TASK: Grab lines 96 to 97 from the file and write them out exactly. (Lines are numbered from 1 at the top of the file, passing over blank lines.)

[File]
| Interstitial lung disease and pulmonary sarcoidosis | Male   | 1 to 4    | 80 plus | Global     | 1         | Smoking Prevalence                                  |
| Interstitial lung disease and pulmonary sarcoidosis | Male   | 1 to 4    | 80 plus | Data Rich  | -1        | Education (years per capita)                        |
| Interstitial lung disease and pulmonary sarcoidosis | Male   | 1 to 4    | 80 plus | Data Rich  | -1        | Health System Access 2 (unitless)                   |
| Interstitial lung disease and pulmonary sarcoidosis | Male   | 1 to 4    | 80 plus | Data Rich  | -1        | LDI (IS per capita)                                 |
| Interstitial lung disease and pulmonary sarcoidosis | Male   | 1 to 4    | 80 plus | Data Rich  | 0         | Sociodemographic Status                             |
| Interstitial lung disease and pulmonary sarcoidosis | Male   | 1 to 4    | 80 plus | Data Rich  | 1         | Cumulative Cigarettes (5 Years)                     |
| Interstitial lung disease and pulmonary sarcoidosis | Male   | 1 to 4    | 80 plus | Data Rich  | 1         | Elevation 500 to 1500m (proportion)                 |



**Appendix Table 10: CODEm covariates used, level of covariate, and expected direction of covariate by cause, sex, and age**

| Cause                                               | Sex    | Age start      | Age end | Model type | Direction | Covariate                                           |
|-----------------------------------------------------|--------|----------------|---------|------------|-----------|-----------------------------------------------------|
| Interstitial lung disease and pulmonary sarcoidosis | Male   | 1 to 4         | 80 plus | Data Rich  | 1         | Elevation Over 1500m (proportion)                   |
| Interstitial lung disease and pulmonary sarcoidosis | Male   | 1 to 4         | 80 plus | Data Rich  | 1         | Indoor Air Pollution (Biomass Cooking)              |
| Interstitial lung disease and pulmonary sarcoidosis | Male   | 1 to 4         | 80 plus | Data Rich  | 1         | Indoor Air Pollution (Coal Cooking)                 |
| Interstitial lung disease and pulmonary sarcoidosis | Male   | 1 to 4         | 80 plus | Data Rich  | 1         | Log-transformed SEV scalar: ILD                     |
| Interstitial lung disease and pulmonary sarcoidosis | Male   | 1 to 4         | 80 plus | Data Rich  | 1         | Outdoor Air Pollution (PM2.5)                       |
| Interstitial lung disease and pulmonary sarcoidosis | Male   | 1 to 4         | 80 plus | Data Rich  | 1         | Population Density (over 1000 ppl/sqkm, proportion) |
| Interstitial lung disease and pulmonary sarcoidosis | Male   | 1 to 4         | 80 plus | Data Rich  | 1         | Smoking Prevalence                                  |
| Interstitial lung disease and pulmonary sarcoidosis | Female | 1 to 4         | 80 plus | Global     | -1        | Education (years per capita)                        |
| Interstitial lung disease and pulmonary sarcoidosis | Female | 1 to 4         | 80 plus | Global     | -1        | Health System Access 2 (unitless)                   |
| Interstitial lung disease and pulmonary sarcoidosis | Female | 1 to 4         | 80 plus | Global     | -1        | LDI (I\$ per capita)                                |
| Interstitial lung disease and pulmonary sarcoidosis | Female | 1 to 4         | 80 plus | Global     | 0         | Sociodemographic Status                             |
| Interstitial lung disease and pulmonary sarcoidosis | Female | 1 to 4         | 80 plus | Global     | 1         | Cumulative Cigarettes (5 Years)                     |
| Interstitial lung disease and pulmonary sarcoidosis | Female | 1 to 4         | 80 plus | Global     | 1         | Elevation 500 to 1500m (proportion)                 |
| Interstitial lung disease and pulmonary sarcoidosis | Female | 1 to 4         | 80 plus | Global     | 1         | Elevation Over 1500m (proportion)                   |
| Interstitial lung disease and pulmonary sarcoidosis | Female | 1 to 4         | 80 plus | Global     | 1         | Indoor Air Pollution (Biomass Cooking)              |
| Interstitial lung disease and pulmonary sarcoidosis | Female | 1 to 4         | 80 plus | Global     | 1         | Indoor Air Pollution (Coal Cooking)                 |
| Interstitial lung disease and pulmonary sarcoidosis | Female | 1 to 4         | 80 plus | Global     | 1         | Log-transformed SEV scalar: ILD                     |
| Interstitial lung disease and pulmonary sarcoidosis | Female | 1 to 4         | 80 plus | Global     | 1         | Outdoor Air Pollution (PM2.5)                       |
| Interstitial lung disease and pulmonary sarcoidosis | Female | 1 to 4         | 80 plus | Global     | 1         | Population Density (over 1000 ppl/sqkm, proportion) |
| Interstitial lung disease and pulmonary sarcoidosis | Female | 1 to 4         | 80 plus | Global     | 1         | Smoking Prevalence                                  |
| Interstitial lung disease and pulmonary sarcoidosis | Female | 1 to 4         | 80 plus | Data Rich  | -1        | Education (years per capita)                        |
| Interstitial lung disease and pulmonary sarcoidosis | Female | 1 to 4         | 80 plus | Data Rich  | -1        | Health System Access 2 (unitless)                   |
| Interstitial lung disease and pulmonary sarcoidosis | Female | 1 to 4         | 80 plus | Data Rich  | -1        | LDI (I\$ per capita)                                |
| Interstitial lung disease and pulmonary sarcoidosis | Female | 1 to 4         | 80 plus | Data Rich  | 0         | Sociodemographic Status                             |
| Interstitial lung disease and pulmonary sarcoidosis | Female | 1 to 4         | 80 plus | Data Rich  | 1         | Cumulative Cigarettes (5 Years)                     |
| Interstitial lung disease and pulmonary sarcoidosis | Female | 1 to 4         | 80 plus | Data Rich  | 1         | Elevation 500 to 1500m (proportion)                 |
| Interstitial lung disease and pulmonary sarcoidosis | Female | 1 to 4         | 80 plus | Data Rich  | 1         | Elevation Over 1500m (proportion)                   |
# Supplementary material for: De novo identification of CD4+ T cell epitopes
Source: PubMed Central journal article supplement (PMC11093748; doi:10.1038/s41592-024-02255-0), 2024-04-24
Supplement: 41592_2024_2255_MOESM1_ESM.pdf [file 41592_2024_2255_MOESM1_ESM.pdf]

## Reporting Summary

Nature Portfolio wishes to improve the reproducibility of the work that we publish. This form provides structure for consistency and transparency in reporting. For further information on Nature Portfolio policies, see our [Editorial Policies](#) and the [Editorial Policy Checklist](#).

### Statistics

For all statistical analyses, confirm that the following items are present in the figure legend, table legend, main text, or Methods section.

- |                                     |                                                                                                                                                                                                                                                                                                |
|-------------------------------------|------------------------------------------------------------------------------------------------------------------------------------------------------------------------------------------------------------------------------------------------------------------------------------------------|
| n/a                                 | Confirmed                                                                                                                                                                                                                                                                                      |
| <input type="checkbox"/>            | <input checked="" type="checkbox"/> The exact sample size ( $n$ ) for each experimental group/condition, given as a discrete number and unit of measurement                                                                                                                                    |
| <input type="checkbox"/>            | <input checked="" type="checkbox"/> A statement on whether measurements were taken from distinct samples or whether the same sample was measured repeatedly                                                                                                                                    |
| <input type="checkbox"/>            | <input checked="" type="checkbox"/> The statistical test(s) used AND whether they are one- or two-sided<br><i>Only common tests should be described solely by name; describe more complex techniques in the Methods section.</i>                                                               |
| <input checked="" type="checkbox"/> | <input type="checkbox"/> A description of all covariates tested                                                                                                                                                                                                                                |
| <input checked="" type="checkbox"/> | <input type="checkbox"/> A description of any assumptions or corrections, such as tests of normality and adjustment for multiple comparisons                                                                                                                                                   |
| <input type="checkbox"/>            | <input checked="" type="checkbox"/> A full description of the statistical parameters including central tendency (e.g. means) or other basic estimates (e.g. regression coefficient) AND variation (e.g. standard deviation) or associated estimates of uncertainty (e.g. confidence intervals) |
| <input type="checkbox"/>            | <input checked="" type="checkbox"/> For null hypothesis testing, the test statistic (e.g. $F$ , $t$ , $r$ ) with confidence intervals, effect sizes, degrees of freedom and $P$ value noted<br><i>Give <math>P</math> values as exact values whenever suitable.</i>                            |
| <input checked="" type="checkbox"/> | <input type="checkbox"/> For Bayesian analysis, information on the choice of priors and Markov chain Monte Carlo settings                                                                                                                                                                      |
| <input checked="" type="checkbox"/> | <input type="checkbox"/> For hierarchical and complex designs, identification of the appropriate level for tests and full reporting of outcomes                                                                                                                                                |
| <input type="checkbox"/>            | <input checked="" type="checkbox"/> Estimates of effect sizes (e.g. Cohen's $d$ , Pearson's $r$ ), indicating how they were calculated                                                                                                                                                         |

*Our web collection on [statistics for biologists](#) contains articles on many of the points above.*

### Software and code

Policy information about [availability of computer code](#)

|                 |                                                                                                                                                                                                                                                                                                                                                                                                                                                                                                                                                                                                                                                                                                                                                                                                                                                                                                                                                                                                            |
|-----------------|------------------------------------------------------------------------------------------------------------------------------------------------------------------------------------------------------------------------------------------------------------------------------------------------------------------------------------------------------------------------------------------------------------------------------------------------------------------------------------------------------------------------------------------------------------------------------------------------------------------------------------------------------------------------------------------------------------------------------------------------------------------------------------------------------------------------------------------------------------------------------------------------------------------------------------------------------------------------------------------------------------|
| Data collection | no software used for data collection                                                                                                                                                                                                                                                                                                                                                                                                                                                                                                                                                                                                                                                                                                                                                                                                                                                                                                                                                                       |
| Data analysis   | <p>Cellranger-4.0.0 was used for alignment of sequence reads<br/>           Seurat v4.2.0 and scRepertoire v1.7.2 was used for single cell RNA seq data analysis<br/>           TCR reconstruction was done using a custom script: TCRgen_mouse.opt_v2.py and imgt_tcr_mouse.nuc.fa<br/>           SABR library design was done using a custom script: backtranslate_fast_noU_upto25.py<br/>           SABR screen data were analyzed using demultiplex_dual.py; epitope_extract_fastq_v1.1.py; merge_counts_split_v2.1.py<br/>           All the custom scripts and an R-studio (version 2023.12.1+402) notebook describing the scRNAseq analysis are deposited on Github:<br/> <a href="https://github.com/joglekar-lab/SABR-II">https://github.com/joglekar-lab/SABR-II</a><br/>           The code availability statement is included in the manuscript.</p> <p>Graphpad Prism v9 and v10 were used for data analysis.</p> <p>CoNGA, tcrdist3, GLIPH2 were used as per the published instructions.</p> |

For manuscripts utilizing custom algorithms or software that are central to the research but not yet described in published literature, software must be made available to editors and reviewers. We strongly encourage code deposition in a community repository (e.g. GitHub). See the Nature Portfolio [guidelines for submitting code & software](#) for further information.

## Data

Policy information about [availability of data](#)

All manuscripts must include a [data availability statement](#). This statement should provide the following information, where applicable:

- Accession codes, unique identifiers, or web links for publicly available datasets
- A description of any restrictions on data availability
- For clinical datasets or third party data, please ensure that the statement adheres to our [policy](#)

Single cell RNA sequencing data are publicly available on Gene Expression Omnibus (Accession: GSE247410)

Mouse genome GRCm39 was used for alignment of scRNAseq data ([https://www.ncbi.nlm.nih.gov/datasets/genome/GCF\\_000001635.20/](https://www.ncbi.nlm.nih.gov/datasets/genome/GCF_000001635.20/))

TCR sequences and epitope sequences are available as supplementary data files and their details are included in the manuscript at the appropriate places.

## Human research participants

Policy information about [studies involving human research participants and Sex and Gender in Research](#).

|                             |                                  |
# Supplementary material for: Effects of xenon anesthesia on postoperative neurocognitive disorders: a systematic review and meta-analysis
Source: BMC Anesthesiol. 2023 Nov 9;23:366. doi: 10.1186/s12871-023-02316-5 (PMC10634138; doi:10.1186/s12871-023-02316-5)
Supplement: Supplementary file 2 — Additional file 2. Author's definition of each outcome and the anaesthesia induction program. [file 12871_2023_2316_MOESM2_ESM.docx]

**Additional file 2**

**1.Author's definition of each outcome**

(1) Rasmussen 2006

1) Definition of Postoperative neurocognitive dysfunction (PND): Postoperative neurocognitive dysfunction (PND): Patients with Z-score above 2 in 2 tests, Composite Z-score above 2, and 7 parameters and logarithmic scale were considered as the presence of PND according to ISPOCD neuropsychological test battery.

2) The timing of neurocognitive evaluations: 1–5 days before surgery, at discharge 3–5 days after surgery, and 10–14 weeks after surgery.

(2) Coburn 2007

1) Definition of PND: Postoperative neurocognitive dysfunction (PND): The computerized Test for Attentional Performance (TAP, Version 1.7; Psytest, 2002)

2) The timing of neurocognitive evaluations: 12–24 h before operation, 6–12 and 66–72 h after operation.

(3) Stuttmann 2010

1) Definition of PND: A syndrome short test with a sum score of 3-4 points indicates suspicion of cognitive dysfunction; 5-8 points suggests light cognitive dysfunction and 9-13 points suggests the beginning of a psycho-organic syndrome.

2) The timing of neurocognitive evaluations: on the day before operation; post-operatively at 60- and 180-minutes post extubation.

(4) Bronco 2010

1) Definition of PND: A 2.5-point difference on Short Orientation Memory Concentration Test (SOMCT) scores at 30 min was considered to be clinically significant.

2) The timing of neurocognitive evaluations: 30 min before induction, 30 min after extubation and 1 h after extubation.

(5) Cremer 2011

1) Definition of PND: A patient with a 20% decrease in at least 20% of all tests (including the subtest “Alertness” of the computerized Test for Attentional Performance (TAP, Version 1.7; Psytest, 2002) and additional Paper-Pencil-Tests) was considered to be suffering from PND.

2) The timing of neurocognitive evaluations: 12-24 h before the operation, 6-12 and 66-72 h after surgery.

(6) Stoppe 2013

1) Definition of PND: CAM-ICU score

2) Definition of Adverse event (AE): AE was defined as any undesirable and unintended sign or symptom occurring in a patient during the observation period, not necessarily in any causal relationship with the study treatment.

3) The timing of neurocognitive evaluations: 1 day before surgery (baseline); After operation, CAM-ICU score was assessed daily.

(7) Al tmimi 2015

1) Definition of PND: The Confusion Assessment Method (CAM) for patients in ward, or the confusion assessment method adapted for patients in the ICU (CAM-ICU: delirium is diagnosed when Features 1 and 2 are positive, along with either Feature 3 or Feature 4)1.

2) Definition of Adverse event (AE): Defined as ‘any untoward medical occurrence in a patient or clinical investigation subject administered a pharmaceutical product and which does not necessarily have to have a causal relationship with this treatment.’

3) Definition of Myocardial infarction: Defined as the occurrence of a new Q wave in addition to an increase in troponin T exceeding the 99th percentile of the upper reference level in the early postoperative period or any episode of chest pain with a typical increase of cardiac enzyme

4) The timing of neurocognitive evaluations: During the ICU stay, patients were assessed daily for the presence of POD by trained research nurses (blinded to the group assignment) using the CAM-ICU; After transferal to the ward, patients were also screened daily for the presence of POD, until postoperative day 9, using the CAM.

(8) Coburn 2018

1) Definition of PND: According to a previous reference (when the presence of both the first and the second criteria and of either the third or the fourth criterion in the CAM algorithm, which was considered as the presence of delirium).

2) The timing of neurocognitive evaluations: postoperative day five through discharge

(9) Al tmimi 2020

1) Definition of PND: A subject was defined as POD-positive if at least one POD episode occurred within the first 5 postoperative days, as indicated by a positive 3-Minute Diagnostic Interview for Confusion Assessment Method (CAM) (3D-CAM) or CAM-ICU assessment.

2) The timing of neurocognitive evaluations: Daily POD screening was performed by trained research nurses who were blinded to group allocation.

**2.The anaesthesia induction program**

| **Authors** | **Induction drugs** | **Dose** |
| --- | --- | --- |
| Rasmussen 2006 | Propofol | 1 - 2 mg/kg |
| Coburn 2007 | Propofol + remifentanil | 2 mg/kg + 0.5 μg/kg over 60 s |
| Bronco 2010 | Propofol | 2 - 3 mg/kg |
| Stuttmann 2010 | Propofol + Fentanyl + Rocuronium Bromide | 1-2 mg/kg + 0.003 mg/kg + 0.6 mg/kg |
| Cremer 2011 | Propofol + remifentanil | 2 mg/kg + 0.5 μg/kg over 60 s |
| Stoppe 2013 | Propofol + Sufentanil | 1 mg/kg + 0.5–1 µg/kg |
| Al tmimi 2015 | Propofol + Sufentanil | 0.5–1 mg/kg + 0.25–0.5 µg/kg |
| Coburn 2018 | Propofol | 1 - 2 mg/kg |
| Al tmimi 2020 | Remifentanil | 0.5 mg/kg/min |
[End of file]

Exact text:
1) Definition of PND: A patient with a 20% decrease in at least 20% of all tests (including the subtest “Alertness” of the computerized Test for Attentional Performance (TAP, Version 1.7; Psytest, 2002) and additional Paper-Pencil-Tests) was considered to be suffering from PND.

2) The timing of neurocognitive evaluations: 12-24 h before the operation, 6-12 and 66-72 h after surgery.